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The Dictionary of Fictional Techniques: Proxy Detailing

Jeff O'Neal

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Jeff O'Neal is the executive editor of Book Riot and Panels. He also co-hosts The Book Riot Podcast. Follow him on Twitter: @thejeffoneal.

The Dictionary of Fictional Techniques is a running feature in which I observe, name, and discuss heretofore uncategorized (at least to my knowledge) literary devices. See previous entries here.


Proxy Detailing:

Giving the particular name, brand, or style of an object to give it specificity without actually describing it.

“Two days after his car–an ’85 Chrysler LeBaron with leather seats and all-power accessories–vanished from the driveway, Warren Ziller crept past the expensive homes of his neighbors, trying to match his dog’s limp.”
—from A Model Home by Eric Puchner

This is a particular pet peeve of mine, but I’ll try to keep my discussion here somewhat reasonable. Proxy detailing seems to me a rather recent phenomenon (and by recent, I mean the last several decades) as advertising and brand recognition have allowed it to be at all useful.

The strength of this technique is fairly plain: if you tell the reader exactly what the car/object is, then they have a ready image of it. It is as specific as you can really be, without having to describe what the object is.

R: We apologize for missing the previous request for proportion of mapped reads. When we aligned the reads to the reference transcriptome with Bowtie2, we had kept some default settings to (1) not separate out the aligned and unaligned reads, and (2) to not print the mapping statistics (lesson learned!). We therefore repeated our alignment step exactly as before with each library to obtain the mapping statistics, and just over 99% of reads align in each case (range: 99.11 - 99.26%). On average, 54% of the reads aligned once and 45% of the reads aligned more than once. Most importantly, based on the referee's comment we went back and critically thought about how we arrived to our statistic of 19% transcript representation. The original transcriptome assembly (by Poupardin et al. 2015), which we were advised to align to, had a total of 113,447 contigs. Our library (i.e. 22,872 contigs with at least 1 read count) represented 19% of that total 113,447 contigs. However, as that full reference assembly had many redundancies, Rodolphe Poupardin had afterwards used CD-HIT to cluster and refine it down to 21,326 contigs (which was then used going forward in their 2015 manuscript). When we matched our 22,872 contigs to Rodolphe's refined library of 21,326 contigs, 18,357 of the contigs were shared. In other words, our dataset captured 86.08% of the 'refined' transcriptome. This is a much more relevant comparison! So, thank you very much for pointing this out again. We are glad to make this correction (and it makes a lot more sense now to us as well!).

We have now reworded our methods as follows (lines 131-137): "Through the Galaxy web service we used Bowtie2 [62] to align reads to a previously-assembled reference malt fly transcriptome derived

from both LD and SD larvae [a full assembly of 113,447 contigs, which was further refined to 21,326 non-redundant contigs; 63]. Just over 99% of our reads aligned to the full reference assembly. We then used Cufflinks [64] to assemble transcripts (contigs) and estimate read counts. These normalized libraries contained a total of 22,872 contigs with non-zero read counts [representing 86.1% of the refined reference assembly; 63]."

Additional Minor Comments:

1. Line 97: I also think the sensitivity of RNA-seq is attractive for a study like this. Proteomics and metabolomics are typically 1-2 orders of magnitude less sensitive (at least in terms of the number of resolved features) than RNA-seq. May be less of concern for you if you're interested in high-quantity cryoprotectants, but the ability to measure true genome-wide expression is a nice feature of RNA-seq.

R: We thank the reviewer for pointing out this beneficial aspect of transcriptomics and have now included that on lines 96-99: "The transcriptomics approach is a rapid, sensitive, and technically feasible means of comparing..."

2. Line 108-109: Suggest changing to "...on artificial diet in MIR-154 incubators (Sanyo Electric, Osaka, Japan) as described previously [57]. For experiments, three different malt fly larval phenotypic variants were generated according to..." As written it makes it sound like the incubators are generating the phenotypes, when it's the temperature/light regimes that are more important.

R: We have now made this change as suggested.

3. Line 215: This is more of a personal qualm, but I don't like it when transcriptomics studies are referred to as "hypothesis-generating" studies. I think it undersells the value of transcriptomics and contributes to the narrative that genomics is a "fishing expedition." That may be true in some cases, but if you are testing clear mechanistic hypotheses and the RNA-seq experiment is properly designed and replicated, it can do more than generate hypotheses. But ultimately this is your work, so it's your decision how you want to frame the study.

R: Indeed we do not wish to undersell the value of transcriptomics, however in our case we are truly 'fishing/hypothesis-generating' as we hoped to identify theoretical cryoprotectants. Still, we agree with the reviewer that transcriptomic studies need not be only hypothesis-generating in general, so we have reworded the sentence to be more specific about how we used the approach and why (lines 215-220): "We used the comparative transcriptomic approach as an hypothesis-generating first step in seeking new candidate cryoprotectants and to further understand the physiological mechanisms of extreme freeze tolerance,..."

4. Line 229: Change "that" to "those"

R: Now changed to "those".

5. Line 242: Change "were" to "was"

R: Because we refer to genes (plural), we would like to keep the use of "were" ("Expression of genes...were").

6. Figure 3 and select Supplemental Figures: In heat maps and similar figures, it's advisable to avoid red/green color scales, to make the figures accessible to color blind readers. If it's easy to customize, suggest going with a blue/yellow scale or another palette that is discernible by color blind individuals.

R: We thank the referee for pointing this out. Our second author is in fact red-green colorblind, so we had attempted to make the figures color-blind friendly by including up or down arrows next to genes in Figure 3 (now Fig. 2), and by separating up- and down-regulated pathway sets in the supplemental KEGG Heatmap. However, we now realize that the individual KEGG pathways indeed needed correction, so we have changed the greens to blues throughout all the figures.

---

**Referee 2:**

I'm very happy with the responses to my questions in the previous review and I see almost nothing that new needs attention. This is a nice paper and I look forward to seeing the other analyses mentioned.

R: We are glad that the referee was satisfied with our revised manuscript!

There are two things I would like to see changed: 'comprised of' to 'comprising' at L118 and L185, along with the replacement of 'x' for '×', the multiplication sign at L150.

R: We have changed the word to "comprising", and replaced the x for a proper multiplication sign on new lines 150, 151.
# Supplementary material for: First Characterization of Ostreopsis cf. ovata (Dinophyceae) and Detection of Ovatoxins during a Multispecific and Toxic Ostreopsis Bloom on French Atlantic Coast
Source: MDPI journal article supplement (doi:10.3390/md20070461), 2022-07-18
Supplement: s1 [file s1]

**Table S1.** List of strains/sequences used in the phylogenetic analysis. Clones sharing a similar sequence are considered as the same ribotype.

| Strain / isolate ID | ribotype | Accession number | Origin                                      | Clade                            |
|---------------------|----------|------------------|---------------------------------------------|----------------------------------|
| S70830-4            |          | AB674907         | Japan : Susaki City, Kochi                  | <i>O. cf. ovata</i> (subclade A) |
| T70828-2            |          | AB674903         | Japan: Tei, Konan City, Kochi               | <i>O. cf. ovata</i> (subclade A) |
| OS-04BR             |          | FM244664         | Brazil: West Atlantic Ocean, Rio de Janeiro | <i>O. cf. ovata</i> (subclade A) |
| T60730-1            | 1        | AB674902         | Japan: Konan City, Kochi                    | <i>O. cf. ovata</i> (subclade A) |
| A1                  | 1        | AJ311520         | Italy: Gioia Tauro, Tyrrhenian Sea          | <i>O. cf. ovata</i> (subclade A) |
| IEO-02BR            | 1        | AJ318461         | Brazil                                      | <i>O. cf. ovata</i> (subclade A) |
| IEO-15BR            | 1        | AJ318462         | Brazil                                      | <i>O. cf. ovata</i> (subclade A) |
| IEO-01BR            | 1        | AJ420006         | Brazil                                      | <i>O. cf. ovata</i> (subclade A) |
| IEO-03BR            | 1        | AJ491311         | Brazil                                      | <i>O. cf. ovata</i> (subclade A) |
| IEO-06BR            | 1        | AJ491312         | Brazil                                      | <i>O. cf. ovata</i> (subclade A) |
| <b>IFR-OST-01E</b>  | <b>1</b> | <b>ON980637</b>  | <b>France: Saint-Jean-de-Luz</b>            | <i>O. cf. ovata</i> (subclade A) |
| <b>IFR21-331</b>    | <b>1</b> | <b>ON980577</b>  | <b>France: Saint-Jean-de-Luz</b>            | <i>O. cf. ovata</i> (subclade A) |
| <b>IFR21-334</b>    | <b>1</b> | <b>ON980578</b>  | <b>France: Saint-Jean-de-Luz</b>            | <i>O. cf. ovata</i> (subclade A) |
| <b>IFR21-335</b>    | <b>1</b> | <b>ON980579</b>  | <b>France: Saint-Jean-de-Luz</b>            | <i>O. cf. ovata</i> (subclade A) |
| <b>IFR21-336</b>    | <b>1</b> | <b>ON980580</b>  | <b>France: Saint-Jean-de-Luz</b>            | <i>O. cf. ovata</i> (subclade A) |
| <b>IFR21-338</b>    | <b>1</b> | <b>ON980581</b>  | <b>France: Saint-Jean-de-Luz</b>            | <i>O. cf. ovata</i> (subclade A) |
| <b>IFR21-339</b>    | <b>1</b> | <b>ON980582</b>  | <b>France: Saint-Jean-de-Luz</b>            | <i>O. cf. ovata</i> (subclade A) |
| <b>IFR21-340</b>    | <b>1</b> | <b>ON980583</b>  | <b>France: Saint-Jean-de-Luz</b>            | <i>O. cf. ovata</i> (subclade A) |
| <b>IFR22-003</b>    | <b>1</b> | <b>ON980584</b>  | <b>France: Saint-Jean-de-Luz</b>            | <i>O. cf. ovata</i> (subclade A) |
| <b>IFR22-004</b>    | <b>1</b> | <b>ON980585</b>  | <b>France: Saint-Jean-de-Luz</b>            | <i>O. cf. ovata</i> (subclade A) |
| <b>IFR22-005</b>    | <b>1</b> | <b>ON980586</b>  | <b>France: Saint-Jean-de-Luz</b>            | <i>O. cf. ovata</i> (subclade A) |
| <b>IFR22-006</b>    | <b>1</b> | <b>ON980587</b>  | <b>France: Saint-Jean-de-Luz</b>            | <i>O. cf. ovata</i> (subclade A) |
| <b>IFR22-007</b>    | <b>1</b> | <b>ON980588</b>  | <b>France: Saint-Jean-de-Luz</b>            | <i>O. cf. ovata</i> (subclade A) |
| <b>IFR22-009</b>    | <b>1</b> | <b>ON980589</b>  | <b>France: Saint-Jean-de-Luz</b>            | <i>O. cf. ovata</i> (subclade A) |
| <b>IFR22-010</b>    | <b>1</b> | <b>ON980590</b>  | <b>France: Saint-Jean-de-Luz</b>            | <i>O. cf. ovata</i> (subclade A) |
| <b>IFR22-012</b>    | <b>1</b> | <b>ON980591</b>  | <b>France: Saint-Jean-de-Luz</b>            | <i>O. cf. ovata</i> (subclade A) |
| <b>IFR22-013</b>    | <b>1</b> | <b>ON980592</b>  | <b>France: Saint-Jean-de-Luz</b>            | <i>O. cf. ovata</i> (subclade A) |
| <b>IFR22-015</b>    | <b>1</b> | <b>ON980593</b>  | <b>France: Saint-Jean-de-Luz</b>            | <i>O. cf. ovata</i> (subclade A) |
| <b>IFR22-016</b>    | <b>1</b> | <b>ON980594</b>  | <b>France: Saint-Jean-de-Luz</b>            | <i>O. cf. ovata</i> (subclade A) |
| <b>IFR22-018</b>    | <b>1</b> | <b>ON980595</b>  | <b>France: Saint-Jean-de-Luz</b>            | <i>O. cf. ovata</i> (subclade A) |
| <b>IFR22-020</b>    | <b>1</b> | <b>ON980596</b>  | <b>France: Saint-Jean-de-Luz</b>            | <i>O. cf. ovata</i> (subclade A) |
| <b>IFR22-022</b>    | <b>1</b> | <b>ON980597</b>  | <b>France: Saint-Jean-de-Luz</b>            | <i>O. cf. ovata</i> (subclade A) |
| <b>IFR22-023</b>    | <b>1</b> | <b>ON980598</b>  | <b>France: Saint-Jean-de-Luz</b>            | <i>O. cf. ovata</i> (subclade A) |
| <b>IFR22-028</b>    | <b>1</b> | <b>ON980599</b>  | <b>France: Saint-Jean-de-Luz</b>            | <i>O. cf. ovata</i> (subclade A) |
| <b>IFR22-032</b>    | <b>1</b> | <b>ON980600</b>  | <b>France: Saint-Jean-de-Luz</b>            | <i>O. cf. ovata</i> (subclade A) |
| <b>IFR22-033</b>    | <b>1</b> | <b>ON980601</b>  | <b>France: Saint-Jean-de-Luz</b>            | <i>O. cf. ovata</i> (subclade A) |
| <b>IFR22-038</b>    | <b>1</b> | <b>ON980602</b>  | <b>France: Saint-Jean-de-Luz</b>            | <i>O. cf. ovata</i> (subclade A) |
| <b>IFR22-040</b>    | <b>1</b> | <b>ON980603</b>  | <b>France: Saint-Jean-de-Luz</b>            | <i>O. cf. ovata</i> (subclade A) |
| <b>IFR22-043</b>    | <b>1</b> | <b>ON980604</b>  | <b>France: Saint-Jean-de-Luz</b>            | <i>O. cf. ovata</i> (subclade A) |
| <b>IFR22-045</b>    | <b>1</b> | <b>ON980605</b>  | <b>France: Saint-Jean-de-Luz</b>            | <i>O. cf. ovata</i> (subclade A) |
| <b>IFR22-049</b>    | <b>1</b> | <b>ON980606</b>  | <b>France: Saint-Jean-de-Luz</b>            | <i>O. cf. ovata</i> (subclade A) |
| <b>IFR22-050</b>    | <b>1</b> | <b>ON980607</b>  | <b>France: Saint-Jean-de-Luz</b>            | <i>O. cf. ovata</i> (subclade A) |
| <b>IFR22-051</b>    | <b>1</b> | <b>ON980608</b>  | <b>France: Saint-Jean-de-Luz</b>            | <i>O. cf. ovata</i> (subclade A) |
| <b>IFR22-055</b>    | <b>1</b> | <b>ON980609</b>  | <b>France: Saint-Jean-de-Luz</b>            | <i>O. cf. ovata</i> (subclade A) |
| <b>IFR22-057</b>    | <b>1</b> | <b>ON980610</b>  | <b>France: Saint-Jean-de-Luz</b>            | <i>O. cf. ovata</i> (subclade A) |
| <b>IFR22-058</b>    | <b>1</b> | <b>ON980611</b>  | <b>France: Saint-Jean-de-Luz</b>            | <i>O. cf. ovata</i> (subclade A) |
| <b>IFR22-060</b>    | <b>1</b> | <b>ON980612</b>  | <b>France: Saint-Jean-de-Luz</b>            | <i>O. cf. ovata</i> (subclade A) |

The weaknesses, though, are considerable. First, if your reader is not already familiar with the brand/object, it is quite a bit more frustrating for them than just saying “car.” For example, I have no idea what an ’85 Chrysler LeBaron looks like, so rather than bringing me closer to the object, this proxy detailing actually creates more distance than just “car” would, as I am now aware that there is a gap between the information intended and the information received.

Another weakness of proxy detailing is that it shortcuts one of the things we ask literature to do, namely, to help us see the familiar in a new light. If I do indeed have a sufficient knowledge of an ’85 Chrysler LeBaron to form an image of it, it is my image that is being formed, unaltered and unestranged by the author’s artistic vision.


All entries in The Dictionary of Fictional Techniques are original to, unless otherwise cited. (This means that they aren’t ‘real words,’ so don’t use them in your freshman comp essay)